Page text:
# Why is power of a hypothesis test a concern when we can bootstrap any representative sample to make n approach infinity?

Why do we care about the power of a hypothesis test if we no longer live in an age where computers are slow and it's too costly to bootstrap/do a permutation test on anything which is also non-parametric?

Is power-analysis irrelevant if I can bootstrap/permutation hypothesis test?

We can make the "sample size" infinity with bootstrapping so power goes up as a result of bootstrapping?

The amount of information relating to the hypotheses that you have is simply the information in the original data.

Resampling that information, whether bootstrapping, permutation testing or any other resampling, cannot add information that wasn't already there.

The point of bootstrapping is to estimate the sampling distribution of some quantity, in essence by using the sample cdf as an approximation of the population cdf from which it was drawn.

As normally understood, each bootstrap sample is the same size as the original sample (since taking a larger sample wouldn't tell you about the sampling variability at the sample size you have). What varies is the number of such bootstrap resamples.

Increasing the number of bootstrap samples gives a more "accurate" sense of that approximation, but it doesn't add any information that wasn't already there.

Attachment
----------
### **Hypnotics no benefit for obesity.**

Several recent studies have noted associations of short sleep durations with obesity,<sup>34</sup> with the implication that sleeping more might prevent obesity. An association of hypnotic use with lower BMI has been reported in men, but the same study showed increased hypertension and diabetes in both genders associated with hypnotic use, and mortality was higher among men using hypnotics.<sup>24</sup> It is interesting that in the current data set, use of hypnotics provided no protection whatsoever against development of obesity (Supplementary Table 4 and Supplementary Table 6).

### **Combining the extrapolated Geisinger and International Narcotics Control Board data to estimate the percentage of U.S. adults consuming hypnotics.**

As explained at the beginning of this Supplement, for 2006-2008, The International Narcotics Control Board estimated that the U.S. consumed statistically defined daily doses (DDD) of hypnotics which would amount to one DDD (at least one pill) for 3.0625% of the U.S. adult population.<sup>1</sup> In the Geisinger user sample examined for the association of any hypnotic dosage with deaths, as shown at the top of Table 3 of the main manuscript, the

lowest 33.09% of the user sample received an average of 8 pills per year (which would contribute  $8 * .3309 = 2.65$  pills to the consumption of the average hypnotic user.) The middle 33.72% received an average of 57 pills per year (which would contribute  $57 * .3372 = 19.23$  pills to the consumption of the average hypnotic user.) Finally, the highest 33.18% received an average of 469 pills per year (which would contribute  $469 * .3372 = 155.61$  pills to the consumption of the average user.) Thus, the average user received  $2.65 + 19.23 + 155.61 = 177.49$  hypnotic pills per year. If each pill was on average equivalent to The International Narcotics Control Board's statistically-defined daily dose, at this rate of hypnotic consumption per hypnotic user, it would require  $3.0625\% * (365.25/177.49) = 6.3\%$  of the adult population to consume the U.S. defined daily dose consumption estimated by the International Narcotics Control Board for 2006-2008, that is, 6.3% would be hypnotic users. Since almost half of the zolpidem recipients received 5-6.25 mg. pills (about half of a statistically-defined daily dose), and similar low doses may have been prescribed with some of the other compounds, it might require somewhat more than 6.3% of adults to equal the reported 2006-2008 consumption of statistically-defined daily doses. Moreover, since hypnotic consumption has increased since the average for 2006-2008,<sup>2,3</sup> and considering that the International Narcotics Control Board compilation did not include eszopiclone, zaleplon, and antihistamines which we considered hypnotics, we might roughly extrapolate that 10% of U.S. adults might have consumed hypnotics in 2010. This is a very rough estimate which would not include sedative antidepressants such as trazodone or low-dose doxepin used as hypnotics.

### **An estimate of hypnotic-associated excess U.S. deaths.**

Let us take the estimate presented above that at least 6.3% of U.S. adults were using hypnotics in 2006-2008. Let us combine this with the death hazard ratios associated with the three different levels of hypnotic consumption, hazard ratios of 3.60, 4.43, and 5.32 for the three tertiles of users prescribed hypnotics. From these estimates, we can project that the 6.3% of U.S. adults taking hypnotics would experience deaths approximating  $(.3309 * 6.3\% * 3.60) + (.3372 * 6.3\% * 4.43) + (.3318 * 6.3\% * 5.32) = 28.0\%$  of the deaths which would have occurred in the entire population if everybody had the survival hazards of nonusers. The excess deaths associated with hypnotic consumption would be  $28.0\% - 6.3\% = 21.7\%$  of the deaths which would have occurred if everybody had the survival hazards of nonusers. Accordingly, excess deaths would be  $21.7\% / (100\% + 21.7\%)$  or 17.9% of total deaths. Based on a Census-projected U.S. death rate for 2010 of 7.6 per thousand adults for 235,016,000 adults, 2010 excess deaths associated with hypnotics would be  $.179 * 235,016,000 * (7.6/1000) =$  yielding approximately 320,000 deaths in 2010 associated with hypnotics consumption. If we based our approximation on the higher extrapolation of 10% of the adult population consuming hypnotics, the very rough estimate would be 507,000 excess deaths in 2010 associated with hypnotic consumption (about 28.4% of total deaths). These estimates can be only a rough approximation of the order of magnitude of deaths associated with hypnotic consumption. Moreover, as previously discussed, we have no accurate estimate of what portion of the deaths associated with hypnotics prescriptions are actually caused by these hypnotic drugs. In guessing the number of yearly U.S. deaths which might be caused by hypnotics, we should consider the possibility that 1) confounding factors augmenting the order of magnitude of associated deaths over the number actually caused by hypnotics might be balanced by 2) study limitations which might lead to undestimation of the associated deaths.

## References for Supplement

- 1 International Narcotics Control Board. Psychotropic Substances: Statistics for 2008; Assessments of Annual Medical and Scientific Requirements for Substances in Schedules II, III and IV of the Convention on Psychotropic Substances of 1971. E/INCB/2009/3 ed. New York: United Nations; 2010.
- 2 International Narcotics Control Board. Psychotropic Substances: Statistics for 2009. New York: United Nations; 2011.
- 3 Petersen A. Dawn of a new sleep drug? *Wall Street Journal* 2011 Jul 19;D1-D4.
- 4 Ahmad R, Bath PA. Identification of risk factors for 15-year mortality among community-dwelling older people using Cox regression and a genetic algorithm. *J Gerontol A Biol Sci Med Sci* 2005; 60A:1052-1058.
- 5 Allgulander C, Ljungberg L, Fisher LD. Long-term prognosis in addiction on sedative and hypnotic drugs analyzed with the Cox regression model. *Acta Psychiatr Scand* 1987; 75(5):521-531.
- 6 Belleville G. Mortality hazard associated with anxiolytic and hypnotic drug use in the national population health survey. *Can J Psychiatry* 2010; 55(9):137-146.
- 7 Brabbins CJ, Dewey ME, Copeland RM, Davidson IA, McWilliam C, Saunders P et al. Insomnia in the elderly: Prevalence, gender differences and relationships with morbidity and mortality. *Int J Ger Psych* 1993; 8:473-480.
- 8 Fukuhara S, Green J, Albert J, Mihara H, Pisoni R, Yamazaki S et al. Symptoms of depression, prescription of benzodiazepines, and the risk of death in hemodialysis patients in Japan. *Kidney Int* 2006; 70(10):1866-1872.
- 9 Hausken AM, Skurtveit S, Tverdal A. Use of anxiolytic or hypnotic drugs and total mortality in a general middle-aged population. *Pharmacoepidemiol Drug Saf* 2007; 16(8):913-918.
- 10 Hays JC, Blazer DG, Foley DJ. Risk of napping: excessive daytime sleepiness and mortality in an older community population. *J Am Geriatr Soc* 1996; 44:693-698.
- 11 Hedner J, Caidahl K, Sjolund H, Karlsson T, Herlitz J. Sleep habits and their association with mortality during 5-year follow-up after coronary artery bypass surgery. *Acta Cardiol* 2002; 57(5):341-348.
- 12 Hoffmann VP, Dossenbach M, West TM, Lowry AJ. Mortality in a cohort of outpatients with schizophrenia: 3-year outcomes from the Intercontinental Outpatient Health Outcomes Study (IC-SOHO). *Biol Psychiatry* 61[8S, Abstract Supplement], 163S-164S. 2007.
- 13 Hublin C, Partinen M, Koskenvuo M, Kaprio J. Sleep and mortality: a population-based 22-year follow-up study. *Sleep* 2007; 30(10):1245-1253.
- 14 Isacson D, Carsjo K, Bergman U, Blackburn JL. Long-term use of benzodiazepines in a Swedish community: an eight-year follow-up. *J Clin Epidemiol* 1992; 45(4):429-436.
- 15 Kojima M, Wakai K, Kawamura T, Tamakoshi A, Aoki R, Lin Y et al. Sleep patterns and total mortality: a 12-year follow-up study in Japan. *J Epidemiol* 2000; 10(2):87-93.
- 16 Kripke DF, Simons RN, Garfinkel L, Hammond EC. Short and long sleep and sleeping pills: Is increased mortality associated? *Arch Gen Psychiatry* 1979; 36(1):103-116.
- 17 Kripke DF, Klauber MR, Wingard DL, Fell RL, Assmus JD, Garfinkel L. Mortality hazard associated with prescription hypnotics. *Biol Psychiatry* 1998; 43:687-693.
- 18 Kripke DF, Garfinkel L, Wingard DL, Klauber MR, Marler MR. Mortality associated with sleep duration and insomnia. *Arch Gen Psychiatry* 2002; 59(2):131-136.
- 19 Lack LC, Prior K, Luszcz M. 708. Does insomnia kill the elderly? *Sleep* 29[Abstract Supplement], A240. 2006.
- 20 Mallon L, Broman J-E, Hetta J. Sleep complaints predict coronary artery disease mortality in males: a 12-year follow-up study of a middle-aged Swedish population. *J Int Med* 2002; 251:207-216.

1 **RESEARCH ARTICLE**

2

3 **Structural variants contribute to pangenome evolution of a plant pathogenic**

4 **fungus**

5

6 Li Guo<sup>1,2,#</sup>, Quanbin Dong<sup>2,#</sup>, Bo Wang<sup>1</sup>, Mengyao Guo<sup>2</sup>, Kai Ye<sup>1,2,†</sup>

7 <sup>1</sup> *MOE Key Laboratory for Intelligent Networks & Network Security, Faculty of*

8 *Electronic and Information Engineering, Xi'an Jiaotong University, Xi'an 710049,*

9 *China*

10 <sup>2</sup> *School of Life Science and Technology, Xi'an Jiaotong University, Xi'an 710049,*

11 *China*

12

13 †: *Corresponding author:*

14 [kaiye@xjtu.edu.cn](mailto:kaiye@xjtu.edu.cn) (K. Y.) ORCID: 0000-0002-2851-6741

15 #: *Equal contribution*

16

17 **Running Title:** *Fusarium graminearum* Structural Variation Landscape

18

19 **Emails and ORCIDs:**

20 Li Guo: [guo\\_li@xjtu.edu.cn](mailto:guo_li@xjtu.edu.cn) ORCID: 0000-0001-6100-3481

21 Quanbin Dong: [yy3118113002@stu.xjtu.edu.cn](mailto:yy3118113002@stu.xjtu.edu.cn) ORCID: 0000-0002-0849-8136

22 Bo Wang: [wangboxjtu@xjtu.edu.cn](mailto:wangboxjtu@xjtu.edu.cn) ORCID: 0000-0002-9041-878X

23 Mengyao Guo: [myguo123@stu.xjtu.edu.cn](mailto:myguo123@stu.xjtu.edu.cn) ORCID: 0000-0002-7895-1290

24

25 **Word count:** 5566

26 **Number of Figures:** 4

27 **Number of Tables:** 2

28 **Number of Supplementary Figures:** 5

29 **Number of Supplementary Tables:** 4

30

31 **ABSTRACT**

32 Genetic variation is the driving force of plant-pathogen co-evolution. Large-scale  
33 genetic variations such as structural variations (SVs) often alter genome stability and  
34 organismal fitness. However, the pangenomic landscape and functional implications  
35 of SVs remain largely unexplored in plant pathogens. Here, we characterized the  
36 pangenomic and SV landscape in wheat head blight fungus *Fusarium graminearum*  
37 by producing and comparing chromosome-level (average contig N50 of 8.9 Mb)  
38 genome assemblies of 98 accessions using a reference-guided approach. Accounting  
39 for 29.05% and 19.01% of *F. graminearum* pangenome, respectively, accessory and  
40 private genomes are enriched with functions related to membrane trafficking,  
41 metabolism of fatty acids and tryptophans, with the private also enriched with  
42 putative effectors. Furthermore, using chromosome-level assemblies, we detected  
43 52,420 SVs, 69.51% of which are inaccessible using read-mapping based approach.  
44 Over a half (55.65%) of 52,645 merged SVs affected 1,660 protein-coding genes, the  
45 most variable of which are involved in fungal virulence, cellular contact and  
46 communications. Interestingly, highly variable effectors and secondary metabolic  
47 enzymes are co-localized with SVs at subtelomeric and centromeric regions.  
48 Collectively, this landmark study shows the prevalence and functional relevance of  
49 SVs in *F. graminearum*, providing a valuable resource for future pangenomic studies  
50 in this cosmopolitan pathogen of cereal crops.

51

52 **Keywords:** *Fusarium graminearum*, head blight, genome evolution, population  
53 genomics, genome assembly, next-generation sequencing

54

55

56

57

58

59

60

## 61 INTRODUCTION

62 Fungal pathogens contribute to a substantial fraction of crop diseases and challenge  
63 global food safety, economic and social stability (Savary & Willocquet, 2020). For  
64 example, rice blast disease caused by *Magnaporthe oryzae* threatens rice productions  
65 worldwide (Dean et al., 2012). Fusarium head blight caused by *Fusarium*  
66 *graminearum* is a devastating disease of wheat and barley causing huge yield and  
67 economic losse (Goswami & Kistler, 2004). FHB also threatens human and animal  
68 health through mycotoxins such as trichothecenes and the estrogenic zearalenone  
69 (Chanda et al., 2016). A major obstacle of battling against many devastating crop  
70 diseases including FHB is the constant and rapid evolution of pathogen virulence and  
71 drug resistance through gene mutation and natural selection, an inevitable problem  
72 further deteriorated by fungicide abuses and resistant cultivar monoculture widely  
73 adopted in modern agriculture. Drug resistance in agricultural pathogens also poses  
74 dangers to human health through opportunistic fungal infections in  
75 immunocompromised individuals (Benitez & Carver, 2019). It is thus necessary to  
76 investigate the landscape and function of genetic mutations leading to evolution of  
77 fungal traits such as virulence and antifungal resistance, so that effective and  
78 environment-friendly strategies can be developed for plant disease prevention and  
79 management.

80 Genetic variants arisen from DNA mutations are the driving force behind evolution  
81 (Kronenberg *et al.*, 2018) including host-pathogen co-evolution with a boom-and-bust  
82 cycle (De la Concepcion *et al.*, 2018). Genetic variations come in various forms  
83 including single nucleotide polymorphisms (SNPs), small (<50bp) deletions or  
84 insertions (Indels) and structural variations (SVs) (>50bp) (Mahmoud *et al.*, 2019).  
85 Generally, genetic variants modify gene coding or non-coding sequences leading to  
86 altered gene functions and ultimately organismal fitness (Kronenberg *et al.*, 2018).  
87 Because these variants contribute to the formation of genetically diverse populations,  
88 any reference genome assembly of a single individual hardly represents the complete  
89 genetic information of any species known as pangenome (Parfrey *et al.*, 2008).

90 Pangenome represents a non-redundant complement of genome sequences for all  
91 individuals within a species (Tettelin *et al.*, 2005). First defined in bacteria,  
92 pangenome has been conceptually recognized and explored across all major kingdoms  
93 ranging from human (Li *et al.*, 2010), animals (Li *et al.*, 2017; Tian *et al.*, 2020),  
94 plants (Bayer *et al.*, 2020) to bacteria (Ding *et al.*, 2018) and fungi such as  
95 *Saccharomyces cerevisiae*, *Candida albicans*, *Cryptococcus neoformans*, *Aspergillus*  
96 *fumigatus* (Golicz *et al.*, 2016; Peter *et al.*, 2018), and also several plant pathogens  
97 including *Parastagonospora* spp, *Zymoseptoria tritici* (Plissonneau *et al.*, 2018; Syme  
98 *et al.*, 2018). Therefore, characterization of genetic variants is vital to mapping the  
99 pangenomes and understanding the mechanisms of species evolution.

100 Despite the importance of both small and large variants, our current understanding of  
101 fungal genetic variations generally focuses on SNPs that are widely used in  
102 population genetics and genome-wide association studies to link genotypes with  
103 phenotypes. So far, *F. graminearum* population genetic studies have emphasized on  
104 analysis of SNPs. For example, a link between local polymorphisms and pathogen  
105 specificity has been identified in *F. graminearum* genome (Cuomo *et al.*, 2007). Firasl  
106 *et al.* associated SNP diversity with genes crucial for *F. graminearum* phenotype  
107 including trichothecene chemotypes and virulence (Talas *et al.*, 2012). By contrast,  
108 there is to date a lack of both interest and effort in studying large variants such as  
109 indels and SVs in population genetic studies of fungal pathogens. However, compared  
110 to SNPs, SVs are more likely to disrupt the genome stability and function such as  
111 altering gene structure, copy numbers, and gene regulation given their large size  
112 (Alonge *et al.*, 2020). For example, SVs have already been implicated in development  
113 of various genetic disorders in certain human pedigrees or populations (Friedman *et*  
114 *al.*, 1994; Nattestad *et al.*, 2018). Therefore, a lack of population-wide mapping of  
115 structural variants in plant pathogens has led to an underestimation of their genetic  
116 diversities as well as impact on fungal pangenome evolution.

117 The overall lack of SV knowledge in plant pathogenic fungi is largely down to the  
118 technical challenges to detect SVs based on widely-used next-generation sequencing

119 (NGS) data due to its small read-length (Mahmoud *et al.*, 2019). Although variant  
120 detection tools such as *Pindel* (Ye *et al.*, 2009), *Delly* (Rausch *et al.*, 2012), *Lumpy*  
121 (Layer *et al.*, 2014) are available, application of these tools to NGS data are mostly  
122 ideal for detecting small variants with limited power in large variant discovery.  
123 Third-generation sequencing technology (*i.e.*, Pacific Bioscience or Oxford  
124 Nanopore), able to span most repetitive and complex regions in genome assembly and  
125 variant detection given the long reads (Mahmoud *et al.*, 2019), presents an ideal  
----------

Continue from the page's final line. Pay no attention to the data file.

With a bootstrap test you can reduce the simulation error in a p-value calculation, but you can't shift the underlying p-value that you're approximating (which is just a function of the sample); your estimate of it is just less noisy.

For example, let's say I do a bootstrapped one-sample t-test (with a one-sided alternative) and look at what happens when we increase the number of bootstrap samples:

The blue line very close to 2 shows the t-statistic for our sample, which we see is unusually high (the estimated p-value is similar in both cases, but the estimated standard error of that p-value is about 30% as large for the second one)

A qualitatively similar picture - noisier vs less noisy versions of identical underlying distribution shapes - would result from sampling the permutation distribution of some statistic as well.

We see that the information hasn't changed; the basic shape of the bootstrap distribution of the statistic is the same, it's just that we get a slightly less noisy idea of it (and hence a slightly less noisy estimate of the p-value).

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To do a power analysis with a bootstrap or permutation test is a little tricky since you have to specify things that you didn't need to assume in the test, such as the specific distribution shape of the population. You can evaluate power under some specific distributional assumption. Presumably you don't have a particularly good idea what distribution that is, or you'd have been able to use that information to help construct the test (e.g. by starting with something that would have good power for a distribution reflecting what you understand about it, then perhaps robustifying it somewhat). You can of course investigate a variety of possible candidate distributions and a variety of sequences of alternatives, depending on the circumstances.